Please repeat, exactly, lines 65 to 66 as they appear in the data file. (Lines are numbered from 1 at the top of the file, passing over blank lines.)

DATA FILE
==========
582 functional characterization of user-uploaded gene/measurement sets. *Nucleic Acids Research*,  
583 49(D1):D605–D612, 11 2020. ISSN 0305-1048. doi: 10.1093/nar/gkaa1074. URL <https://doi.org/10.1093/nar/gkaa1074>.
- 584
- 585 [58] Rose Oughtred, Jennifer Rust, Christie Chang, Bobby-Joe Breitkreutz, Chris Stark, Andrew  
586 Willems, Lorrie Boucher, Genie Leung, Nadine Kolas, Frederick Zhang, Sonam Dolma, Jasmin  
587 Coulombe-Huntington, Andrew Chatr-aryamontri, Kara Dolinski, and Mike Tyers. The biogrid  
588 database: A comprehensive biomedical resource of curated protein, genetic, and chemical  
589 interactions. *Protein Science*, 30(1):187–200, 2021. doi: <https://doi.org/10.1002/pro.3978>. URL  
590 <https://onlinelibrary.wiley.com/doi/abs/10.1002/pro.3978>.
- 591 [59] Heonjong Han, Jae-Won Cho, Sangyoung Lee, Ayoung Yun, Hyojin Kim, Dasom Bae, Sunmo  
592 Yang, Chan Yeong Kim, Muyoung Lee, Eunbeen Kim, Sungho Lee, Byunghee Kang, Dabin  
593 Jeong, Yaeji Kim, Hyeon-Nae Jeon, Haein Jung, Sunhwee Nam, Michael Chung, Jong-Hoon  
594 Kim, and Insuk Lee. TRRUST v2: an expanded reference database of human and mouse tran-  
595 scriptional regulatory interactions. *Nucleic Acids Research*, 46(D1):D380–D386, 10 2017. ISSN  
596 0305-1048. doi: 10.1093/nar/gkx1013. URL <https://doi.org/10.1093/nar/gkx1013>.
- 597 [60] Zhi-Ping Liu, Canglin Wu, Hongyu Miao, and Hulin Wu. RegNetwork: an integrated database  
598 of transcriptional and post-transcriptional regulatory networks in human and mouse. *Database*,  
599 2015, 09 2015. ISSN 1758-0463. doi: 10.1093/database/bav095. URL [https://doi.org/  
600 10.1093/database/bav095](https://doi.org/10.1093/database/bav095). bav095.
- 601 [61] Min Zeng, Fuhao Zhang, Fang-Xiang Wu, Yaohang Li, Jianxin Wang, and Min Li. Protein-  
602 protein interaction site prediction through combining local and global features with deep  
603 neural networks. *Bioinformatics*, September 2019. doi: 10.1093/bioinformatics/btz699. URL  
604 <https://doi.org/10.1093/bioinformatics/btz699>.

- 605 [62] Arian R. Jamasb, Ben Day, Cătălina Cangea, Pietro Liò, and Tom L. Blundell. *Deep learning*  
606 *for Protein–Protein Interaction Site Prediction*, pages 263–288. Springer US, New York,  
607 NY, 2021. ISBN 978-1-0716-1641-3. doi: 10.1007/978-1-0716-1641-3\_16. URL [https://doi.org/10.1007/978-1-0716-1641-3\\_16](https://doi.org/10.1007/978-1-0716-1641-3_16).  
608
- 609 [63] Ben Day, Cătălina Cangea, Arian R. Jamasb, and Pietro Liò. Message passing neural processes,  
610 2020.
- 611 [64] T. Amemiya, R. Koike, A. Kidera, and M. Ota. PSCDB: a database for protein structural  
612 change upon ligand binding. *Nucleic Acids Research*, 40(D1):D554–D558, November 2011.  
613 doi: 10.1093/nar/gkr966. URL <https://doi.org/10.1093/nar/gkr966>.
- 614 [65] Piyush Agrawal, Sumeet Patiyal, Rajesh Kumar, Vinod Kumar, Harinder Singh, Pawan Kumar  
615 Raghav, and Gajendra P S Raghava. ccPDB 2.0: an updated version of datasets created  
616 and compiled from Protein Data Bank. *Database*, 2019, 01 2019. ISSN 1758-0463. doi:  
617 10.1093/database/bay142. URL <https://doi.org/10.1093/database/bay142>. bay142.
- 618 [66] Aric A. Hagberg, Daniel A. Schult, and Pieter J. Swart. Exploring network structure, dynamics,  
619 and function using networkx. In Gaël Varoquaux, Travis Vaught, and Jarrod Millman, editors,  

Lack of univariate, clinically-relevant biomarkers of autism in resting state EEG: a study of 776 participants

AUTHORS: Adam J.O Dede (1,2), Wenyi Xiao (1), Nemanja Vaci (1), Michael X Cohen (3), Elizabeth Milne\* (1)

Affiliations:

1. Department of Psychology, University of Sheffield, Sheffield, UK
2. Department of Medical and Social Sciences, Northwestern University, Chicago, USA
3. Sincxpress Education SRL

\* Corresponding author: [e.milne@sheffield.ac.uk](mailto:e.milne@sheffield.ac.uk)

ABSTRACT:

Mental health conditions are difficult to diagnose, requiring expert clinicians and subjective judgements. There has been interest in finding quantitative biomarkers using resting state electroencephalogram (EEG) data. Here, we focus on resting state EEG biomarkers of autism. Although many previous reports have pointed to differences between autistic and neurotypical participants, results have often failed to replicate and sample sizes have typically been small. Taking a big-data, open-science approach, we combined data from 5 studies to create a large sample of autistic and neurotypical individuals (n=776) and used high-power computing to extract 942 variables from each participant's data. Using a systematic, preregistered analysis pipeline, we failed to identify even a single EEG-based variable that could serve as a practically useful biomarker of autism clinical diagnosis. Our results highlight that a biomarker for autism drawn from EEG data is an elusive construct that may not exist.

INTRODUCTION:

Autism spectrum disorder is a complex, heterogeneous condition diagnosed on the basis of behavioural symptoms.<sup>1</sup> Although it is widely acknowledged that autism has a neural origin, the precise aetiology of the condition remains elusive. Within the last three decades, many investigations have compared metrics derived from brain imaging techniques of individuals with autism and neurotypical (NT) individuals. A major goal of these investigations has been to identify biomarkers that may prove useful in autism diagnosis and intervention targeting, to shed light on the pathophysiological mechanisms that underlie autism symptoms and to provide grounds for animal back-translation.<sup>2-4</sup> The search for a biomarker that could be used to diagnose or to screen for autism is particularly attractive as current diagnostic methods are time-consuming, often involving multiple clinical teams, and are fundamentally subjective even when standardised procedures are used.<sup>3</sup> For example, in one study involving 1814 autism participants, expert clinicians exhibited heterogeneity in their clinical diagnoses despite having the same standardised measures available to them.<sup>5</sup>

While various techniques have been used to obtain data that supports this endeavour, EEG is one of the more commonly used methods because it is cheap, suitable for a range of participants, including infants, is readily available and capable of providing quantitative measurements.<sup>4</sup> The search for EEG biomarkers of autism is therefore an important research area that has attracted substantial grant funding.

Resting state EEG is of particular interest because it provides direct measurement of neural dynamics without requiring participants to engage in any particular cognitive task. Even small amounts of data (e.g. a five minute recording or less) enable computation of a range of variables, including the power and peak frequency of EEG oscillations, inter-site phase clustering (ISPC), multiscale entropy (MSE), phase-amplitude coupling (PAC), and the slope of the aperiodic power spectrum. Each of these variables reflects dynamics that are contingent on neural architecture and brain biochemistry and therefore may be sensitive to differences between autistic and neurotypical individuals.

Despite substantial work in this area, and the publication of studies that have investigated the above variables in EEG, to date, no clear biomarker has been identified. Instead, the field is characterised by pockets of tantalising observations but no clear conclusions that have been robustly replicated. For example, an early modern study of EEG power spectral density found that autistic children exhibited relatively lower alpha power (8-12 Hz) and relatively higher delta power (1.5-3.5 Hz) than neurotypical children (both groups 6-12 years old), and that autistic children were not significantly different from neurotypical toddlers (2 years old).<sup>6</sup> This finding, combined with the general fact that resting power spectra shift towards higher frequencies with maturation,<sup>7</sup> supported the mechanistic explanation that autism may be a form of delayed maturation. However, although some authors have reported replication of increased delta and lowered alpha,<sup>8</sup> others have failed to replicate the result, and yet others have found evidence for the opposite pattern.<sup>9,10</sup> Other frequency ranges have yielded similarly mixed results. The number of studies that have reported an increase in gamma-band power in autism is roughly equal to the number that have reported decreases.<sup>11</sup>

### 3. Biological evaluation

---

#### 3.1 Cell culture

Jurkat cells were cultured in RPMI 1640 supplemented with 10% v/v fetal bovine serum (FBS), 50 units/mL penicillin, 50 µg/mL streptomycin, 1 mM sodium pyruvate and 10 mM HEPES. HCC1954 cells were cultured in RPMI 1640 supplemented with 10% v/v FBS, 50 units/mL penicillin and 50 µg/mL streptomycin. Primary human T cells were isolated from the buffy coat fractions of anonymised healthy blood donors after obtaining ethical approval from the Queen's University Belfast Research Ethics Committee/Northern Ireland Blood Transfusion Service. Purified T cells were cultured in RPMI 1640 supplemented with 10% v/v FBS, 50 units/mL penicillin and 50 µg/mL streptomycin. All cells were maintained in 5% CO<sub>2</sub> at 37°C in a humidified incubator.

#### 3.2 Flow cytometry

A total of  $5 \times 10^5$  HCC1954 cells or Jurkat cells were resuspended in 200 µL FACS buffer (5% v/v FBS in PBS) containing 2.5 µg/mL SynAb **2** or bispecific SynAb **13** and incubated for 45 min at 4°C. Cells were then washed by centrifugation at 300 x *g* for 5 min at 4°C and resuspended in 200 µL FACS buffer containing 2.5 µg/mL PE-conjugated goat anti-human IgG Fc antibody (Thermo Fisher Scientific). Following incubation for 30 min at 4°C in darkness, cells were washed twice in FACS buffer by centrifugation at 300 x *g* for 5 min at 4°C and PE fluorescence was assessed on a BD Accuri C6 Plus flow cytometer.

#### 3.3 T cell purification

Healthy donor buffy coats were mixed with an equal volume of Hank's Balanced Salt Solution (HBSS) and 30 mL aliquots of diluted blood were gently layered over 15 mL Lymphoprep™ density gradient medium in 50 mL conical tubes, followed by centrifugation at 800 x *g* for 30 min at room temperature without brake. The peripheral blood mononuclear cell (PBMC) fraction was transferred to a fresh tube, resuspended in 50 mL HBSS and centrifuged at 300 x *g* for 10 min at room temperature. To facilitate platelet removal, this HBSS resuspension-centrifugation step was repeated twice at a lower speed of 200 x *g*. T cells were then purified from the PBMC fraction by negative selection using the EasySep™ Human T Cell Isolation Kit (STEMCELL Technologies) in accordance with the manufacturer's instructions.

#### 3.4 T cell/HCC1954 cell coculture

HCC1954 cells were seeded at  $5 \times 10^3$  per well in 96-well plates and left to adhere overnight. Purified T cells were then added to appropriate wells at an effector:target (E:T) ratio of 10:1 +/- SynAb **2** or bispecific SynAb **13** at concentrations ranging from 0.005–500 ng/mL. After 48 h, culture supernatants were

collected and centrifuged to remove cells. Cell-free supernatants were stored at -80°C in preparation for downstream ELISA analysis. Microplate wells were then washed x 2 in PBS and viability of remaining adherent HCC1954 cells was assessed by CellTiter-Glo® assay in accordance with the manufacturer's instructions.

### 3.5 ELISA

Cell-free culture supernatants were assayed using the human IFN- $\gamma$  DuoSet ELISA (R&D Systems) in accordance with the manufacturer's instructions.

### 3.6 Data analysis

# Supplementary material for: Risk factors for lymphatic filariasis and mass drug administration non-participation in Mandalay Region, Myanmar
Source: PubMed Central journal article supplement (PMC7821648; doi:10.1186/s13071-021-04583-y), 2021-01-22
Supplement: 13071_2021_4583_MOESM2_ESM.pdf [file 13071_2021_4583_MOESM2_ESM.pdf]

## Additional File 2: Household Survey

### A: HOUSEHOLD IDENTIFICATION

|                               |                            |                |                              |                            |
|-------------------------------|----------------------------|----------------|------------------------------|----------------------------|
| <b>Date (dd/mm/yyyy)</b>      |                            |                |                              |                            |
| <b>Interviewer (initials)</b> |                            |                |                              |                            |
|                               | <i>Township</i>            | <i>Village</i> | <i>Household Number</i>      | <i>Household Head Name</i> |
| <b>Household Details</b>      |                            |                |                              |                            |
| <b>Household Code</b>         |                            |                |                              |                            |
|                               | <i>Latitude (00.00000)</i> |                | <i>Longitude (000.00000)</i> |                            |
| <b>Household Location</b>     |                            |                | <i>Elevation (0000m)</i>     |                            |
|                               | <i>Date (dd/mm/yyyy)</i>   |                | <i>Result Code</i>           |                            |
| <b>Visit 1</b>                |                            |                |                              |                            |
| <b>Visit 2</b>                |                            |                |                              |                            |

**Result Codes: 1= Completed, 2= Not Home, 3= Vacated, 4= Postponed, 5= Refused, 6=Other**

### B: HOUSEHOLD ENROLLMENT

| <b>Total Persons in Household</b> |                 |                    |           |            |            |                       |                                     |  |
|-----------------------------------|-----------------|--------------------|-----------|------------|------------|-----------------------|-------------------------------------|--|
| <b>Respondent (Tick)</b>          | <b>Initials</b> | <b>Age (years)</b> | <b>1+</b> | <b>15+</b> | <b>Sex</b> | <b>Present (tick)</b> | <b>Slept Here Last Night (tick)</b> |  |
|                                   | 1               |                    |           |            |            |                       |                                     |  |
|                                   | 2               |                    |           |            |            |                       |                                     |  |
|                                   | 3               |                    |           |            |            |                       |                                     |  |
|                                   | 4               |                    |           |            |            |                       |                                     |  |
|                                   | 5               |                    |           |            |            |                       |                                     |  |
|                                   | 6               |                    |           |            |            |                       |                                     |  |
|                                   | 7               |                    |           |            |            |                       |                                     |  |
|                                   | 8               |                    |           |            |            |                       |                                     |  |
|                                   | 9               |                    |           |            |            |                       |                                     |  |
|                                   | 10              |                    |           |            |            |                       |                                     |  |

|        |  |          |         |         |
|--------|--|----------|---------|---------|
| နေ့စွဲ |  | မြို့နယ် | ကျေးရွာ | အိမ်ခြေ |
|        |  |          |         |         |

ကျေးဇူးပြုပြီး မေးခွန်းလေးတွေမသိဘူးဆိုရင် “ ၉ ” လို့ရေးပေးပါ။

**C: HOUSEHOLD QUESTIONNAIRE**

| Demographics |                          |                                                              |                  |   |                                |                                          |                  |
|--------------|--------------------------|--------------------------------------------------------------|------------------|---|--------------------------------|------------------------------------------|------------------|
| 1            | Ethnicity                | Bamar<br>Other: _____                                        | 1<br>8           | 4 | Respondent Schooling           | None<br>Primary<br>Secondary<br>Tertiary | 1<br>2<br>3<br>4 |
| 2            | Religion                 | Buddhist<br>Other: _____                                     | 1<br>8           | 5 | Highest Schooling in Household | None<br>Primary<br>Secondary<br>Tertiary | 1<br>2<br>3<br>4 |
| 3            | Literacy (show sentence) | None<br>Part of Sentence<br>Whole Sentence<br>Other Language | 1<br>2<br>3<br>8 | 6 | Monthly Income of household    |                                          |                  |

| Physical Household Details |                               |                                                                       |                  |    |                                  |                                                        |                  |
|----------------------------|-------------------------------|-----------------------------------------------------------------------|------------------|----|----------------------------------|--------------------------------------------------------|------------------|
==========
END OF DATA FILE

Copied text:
Cell-free culture supernatants were assayed using the human IFN- $\gamma$  DuoSet ELISA (R&D Systems) in accordance with the manufacturer's instructions.

### 3.6 Data analysis